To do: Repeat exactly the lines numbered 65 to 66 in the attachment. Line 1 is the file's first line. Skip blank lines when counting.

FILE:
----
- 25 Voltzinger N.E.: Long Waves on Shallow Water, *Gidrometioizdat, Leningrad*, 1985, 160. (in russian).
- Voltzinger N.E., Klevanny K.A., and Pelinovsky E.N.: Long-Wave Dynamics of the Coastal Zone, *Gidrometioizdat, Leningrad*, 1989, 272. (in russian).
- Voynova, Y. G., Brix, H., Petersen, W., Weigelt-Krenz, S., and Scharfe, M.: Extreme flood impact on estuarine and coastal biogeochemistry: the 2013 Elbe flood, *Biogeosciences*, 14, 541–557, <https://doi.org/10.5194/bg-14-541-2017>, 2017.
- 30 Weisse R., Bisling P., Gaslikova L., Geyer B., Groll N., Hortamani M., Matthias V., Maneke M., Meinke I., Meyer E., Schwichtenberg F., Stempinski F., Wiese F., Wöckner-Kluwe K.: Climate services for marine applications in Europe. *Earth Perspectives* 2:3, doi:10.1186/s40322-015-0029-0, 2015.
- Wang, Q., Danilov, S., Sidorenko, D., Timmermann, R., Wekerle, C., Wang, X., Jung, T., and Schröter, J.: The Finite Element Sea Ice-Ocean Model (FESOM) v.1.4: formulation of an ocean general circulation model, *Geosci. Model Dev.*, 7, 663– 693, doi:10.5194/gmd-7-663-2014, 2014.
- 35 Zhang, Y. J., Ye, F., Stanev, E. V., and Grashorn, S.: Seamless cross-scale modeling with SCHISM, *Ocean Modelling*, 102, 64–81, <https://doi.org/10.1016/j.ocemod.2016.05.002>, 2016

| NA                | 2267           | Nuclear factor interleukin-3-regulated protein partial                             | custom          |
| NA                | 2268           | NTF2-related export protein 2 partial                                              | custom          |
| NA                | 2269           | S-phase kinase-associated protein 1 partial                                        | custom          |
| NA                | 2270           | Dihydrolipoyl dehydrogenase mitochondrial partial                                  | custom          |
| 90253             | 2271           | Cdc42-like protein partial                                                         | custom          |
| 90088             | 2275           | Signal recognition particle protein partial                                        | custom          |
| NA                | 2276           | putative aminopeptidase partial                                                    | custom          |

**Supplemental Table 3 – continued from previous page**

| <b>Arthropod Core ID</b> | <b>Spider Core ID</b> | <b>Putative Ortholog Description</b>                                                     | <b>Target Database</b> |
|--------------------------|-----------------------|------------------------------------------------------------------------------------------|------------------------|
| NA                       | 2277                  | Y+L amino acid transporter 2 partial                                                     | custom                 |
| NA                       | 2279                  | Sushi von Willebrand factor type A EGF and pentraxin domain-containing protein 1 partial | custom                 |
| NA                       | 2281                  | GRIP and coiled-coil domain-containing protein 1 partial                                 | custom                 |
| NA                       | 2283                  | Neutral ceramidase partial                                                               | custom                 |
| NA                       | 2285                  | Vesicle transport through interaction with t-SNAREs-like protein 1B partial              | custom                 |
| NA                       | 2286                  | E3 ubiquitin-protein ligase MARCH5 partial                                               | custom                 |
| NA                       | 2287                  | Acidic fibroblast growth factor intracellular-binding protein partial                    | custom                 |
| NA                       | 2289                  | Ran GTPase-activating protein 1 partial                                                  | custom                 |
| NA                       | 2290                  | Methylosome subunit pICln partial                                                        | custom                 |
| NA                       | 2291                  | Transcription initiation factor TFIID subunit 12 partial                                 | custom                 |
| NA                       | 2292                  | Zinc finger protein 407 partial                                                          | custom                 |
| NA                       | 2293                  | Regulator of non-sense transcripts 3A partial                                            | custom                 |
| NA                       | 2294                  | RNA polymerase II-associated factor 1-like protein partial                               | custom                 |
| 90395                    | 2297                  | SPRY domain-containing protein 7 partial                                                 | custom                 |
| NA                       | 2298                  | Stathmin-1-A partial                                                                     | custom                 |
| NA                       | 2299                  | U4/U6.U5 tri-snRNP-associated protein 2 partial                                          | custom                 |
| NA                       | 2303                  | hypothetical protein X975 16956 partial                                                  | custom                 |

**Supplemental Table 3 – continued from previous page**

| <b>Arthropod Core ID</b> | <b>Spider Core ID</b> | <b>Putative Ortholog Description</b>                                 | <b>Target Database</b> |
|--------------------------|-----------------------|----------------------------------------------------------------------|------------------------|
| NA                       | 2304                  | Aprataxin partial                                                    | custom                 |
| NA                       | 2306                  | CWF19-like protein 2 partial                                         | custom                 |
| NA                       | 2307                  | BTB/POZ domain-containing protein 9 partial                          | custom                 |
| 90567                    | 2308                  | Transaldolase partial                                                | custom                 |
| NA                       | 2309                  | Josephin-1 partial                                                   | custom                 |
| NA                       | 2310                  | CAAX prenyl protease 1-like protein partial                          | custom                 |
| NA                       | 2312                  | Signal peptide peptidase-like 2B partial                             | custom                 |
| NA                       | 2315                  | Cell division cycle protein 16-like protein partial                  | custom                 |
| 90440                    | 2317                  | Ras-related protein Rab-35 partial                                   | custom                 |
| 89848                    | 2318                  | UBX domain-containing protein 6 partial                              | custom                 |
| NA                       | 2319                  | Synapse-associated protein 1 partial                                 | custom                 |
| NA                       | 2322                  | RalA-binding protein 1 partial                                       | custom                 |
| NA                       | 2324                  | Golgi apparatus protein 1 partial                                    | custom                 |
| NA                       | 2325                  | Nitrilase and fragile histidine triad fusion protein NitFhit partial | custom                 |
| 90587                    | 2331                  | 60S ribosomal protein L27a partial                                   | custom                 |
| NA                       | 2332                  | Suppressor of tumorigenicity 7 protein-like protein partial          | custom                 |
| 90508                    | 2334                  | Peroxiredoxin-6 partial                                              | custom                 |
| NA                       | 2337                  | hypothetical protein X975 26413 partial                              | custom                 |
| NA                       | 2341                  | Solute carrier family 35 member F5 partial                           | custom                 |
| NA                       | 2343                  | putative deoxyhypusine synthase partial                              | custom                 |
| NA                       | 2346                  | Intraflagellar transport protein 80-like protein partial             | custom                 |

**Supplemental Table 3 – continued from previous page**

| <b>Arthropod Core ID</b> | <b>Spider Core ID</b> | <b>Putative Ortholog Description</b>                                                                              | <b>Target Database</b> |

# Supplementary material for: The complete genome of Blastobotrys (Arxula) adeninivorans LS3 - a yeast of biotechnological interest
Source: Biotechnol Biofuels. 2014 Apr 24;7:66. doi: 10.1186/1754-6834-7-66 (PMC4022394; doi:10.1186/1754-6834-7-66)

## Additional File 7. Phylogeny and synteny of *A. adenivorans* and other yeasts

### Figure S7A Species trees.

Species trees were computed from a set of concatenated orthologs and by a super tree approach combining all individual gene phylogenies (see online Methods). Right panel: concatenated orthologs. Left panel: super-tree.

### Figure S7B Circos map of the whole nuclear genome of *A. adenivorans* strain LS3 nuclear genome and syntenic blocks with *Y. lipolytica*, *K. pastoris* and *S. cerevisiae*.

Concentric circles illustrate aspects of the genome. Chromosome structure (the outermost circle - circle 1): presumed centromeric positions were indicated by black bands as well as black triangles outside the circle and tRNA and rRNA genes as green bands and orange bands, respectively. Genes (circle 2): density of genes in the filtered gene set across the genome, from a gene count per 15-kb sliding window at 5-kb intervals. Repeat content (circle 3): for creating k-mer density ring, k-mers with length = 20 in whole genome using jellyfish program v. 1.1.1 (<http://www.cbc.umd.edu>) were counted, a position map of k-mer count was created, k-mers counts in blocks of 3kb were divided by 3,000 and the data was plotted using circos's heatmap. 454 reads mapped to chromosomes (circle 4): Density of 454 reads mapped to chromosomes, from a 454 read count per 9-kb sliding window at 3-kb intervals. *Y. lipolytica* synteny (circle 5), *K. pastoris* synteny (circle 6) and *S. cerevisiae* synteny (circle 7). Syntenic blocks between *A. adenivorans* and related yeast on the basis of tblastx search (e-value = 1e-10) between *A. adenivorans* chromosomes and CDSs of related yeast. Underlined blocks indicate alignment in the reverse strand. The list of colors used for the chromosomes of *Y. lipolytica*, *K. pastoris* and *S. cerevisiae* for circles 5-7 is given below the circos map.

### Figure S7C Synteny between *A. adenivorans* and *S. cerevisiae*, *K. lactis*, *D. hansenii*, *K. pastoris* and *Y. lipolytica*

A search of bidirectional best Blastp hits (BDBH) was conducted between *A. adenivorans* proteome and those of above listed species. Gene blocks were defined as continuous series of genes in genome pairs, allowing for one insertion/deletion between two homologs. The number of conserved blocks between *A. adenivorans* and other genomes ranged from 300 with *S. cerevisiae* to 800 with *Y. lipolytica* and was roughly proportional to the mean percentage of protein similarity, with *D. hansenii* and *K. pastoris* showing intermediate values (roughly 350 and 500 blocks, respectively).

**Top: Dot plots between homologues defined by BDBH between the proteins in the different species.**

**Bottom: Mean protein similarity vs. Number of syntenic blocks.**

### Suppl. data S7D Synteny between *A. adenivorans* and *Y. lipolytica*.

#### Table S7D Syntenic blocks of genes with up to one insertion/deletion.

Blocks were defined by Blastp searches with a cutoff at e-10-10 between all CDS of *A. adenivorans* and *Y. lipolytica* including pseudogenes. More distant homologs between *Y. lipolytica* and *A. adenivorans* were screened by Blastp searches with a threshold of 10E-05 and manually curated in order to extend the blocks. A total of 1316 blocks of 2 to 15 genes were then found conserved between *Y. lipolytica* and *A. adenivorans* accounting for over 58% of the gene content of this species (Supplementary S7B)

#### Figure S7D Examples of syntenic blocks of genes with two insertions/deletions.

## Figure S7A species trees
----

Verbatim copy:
### Figure S7B Circos map of the whole nuclear genome of *A. adenivorans* strain LS3 nuclear genome and syntenic blocks with *Y. lipolytica*, *K. pastoris* and *S. cerevisiae*.

Concentric circles illustrate aspects of the genome. Chromosome structure (the outermost circle - circle 1): presumed centromeric positions were indicated by black bands as well as black triangles outside the circle and tRNA and rRNA genes as green bands and orange bands, respectively. Genes (circle 2): density of genes in the filtered gene set across the genome, from a gene count per 15-kb sliding window at 5-kb intervals. Repeat content (circle 3): for creating k-mer density ring, k-mers with length = 20 in whole genome using jellyfish program v. 1.1.1 (<http://www.cbc.umd.edu>) were counted, a position map of k-mer count was created, k-mers counts in blocks of 3kb were divided by 3,000 and the data was plotted using circos's heatmap. 454 reads mapped to chromosomes (circle 4): Density of 454 reads mapped to chromosomes, from a 454 read count per 9-kb sliding window at 3-kb intervals. *Y. lipolytica* synteny (circle 5), *K. pastoris* synteny (circle 6) and *S. cerevisiae* synteny (circle 7). Syntenic blocks between *A. adenivorans* and related yeast on the basis of tblastx search (e-value = 1e-10) between *A. adenivorans* chromosomes and CDSs of related yeast. Underlined blocks indicate alignment in the reverse strand. The list of colors used for the chromosomes of *Y. lipolytica*, *K. pastoris* and *S. cerevisiae* for circles 5-7 is given below the circos map.